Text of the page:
Tonight, Atalanta will play the first Champions League game in their history. The crowning (at least for now) of a project that began nine years ago, when Antonio Percassi bought the club, then just relegated to Serie B, from the Ruggeri family. The team only needed a year to return to Serie A, but in the next five seasons their best result was the eleventh place in 2013-14.
Three seasons ago, however, with the arrival of Gian Piero Gasperini on the bench, the team took a quantum leap sized step forward considering how set in stone the hierarchies of Italian football are, moving from 13th place in the previous season to 4th place with a club-record 72 points that granted them the qualification to the Europa League.
The following domestic campaign was marked by the seventh place in the league, which again earned them qualification to the Europa League, which they had been eliminated from by Borussia Dortmund in the round of 32 the year before.
The definitive breakthrough into a top club in Italian football came last season with Gasperini who, with the help of newly acquired Duvan Zapata, definitively turned the “Dea” into a goal machine, capable of scoring 77 goals in the Serie A 2018-19, a season record, and of literally bombarding opposing teams, as Empoli’s players, which last season faced 47 shots (!!!) in a goalless game, know well.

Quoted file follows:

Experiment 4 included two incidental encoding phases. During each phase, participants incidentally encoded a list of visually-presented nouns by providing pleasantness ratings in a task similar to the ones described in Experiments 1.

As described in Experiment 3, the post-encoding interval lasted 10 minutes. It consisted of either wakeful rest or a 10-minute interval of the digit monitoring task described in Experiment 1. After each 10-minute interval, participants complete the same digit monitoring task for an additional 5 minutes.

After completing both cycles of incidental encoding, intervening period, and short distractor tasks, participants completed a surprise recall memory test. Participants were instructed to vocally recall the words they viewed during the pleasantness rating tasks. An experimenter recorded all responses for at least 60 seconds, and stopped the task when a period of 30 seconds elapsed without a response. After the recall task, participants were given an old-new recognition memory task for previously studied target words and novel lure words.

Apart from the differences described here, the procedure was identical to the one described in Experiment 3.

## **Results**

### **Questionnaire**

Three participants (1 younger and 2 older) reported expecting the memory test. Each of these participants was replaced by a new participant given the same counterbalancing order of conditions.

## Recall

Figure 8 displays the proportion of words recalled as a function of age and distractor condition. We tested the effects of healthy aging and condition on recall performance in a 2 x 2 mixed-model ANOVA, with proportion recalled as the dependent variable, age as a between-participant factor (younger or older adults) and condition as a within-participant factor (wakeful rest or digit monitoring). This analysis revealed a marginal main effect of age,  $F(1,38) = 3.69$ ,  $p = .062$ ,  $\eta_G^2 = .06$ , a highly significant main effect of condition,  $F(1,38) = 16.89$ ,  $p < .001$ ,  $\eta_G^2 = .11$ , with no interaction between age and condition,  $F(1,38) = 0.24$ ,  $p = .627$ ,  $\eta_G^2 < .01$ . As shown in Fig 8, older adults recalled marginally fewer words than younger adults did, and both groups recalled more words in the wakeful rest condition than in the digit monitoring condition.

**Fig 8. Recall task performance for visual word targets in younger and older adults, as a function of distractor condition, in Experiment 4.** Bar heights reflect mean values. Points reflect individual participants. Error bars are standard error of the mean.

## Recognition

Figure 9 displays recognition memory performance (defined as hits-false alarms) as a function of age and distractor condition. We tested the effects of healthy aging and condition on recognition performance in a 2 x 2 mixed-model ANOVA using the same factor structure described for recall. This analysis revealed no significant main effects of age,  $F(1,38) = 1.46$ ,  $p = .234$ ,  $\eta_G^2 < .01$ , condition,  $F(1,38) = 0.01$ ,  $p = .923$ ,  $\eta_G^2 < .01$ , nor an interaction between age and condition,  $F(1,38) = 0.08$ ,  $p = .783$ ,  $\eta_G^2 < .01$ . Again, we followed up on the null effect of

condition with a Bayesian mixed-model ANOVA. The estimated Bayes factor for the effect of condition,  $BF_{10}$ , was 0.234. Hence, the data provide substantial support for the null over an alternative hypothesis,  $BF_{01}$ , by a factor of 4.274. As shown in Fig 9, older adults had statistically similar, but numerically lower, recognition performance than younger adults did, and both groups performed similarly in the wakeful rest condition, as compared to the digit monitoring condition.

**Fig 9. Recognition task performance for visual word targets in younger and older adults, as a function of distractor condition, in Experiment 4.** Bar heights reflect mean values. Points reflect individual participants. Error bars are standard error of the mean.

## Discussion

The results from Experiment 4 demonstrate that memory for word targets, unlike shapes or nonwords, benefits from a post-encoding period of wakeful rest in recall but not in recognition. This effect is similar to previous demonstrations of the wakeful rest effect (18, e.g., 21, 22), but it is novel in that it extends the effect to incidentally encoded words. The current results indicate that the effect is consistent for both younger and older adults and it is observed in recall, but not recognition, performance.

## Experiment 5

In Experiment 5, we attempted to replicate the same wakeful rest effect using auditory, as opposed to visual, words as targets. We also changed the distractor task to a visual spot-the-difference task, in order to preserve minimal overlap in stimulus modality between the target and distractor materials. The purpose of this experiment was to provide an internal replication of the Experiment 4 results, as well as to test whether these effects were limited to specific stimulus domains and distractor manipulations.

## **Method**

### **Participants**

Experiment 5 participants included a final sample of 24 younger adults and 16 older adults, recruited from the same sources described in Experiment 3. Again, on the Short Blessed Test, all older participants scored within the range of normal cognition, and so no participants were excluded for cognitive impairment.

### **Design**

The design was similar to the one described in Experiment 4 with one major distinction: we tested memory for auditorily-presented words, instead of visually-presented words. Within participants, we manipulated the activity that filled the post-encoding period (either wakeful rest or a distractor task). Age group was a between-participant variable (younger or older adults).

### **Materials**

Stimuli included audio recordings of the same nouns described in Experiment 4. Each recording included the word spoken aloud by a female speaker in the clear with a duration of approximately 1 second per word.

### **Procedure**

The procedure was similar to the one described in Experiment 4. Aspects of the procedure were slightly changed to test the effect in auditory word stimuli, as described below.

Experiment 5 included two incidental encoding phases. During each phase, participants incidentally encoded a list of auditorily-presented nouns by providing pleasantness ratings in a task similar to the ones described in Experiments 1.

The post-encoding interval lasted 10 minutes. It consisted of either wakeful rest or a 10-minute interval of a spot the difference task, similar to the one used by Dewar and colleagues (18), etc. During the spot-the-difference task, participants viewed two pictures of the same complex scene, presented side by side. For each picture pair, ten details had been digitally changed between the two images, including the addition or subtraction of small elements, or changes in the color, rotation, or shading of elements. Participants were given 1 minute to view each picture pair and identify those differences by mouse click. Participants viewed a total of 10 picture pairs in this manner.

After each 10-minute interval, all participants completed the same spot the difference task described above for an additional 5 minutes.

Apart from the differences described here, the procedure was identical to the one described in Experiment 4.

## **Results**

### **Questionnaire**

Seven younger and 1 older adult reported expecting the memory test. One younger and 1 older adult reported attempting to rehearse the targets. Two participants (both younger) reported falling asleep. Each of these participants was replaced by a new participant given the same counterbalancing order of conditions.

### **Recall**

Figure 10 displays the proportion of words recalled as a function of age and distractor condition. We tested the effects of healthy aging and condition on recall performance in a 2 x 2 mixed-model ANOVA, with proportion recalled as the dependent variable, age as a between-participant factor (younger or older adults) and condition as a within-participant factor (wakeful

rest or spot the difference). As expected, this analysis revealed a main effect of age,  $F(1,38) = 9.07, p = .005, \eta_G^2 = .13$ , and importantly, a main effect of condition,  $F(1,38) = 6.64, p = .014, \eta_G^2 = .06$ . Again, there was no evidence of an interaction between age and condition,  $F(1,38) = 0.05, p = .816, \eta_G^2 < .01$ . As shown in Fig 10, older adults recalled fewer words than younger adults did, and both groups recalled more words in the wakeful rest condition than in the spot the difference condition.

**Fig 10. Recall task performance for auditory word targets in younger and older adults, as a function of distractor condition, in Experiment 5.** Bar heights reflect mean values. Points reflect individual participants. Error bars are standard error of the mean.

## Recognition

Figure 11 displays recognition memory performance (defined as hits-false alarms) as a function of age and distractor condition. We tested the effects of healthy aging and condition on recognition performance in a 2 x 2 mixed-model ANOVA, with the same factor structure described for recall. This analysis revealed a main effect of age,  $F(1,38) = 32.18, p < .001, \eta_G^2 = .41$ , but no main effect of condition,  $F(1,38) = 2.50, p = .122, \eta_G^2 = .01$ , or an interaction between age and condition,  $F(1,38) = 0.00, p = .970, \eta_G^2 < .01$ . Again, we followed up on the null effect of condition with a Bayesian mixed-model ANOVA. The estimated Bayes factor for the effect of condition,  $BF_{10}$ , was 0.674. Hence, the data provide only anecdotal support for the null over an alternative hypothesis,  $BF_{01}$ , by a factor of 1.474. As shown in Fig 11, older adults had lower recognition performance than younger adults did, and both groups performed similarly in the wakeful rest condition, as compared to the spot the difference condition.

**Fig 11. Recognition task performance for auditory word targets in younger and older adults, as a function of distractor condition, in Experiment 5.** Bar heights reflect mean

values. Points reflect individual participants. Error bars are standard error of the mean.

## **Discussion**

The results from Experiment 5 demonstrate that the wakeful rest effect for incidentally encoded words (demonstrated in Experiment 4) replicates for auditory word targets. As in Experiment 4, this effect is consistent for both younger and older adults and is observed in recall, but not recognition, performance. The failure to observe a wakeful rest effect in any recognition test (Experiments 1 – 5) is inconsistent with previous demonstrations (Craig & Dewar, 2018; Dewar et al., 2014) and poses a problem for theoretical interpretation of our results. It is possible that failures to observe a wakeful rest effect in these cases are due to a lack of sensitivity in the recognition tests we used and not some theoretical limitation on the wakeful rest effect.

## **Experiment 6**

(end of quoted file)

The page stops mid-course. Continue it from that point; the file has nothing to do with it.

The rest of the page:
Atalanta also led the league in non-penalty xG with 63.61 and were second only to Napoli in shots per game (16.9). Those are three numbers that effectively describe their powerful attack, capable not only of generating opportunities at will but also of converting them at an above-average rate (apart from that game against Empoli).
But that’s not all, because last season Atalanta led the Serie A in practically every offensive statistic. Indeed, thanks to their ability to consistently play the ball inside the opposing area (137 passes inside the box, at least 20 more than any other team), the average shot distance of their 643 attempts was just 15.52 meters, the shortest in the league.
Analyzing their scoring in greater depth, they scored 14 goals from set pieces (10 from corners) while generating a league-best 14.59 xG from dead ball situations. They were also particularly good at generating chances from throughballs (only Napoli created more chances this way), which they converted at a 27.3% rate (12 goals from 44 throughballs).